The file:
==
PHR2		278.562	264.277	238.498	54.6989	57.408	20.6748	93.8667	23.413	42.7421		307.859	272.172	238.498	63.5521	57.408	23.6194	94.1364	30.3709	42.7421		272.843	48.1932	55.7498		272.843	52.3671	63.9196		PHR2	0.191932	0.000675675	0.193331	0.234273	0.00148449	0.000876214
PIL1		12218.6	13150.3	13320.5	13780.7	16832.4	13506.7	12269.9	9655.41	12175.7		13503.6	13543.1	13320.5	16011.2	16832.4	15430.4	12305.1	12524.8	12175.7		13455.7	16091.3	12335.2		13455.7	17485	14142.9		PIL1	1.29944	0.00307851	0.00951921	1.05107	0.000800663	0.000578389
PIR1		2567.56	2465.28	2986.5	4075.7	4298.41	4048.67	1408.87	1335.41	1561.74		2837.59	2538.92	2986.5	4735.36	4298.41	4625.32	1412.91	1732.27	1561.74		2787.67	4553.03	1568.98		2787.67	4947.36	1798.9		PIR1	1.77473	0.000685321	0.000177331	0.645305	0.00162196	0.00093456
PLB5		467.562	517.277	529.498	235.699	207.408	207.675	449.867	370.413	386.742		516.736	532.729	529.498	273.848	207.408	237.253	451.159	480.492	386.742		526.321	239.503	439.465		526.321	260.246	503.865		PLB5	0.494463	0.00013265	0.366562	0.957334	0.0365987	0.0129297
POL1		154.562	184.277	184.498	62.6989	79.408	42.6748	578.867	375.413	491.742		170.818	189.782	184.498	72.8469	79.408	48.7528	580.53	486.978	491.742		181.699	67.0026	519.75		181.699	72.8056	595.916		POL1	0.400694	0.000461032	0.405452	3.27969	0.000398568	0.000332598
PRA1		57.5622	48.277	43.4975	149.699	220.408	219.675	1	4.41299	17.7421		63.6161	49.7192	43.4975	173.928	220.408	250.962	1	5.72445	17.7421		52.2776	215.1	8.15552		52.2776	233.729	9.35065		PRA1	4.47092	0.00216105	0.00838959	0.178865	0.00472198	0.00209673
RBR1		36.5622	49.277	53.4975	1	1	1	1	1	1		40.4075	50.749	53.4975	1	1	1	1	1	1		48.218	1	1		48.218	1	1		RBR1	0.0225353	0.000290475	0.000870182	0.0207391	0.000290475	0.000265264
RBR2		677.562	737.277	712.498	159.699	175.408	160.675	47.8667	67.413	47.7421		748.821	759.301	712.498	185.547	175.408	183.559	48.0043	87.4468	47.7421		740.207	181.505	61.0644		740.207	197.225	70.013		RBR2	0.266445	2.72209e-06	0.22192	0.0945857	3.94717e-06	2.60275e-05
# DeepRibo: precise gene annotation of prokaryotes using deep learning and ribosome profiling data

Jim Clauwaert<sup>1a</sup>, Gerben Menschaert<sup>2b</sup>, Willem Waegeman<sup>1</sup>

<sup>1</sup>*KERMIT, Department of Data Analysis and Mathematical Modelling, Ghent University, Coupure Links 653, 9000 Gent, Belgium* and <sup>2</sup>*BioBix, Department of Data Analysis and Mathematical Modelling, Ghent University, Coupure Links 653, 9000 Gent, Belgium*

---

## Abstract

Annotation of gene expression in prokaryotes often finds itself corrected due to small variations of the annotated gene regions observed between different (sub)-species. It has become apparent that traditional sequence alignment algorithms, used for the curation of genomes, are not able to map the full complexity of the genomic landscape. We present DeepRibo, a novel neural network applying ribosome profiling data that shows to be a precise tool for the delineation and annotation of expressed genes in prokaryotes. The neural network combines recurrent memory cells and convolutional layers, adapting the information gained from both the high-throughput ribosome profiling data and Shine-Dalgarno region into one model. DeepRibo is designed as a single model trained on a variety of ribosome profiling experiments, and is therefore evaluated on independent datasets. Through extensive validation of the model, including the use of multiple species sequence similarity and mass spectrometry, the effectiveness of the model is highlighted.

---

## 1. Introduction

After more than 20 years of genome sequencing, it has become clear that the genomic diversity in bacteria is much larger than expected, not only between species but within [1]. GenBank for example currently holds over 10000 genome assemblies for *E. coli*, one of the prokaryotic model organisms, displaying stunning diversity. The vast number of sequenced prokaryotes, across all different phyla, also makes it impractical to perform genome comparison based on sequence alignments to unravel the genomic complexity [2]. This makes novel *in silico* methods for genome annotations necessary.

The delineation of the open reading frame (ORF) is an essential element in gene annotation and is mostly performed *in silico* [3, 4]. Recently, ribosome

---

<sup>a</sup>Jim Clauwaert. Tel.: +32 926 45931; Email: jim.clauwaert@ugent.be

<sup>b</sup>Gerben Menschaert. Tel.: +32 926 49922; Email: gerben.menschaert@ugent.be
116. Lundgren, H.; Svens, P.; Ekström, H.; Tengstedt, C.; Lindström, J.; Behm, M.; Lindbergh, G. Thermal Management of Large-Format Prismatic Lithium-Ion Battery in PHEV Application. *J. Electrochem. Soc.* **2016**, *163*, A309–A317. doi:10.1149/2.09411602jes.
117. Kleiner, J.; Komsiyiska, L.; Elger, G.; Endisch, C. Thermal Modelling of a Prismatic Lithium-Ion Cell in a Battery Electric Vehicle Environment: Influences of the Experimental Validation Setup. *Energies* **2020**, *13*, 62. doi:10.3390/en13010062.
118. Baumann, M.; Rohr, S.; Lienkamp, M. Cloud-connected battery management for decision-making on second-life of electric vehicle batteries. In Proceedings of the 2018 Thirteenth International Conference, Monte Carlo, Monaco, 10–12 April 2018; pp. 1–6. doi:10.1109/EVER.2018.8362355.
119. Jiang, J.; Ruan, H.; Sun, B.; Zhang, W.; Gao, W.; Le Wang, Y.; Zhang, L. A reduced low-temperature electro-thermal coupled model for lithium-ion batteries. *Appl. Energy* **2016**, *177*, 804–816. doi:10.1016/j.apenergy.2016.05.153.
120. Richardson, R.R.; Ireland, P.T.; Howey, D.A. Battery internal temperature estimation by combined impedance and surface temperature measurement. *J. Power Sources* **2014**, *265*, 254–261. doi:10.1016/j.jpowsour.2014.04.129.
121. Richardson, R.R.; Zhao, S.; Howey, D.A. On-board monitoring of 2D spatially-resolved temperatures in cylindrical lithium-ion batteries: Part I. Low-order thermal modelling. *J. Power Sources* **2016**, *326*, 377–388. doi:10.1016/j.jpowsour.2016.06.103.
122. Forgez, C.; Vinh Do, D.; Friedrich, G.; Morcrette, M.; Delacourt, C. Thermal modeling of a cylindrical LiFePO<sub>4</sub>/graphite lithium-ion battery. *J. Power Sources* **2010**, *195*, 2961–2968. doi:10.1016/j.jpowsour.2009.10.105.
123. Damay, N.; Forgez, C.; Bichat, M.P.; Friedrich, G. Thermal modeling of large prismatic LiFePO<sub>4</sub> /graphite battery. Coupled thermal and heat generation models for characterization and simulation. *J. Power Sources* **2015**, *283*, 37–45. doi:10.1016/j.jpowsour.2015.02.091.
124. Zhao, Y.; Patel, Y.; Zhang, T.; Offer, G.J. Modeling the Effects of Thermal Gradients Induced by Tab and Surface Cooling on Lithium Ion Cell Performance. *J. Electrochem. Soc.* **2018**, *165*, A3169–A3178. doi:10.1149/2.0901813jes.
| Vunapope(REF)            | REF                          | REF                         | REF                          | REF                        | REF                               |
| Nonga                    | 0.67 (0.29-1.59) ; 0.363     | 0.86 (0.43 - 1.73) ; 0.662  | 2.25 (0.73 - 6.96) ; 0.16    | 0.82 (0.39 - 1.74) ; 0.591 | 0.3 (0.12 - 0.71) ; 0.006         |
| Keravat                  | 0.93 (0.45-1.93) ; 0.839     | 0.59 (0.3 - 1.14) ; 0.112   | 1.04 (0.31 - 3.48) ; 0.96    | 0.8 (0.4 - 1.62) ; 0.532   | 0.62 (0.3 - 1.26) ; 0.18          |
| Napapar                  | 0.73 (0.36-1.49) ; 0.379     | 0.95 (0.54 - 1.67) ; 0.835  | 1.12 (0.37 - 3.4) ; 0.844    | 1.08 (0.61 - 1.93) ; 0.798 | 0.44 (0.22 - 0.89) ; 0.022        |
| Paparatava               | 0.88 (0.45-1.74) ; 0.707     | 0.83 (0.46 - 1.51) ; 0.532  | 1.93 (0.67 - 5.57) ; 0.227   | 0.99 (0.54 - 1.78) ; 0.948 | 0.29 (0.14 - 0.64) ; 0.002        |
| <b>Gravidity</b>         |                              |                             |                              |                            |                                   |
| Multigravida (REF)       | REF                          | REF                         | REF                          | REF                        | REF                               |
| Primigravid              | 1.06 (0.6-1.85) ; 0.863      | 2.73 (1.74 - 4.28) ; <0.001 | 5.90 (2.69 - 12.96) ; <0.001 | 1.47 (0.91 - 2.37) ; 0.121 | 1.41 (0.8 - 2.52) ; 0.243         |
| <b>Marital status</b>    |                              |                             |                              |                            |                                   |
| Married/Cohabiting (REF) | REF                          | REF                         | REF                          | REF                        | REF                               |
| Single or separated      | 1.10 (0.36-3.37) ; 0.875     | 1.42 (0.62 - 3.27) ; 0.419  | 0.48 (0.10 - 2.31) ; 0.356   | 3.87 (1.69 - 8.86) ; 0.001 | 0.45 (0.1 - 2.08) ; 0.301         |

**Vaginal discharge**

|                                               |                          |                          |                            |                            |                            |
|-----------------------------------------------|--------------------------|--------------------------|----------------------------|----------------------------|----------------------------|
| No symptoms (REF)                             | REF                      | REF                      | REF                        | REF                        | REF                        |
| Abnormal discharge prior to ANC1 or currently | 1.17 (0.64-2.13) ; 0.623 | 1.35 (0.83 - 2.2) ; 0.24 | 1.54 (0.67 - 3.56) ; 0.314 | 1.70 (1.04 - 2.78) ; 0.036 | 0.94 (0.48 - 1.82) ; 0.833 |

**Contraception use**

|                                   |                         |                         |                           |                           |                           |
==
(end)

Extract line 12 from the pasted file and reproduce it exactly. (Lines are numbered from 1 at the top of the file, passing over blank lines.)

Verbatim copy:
---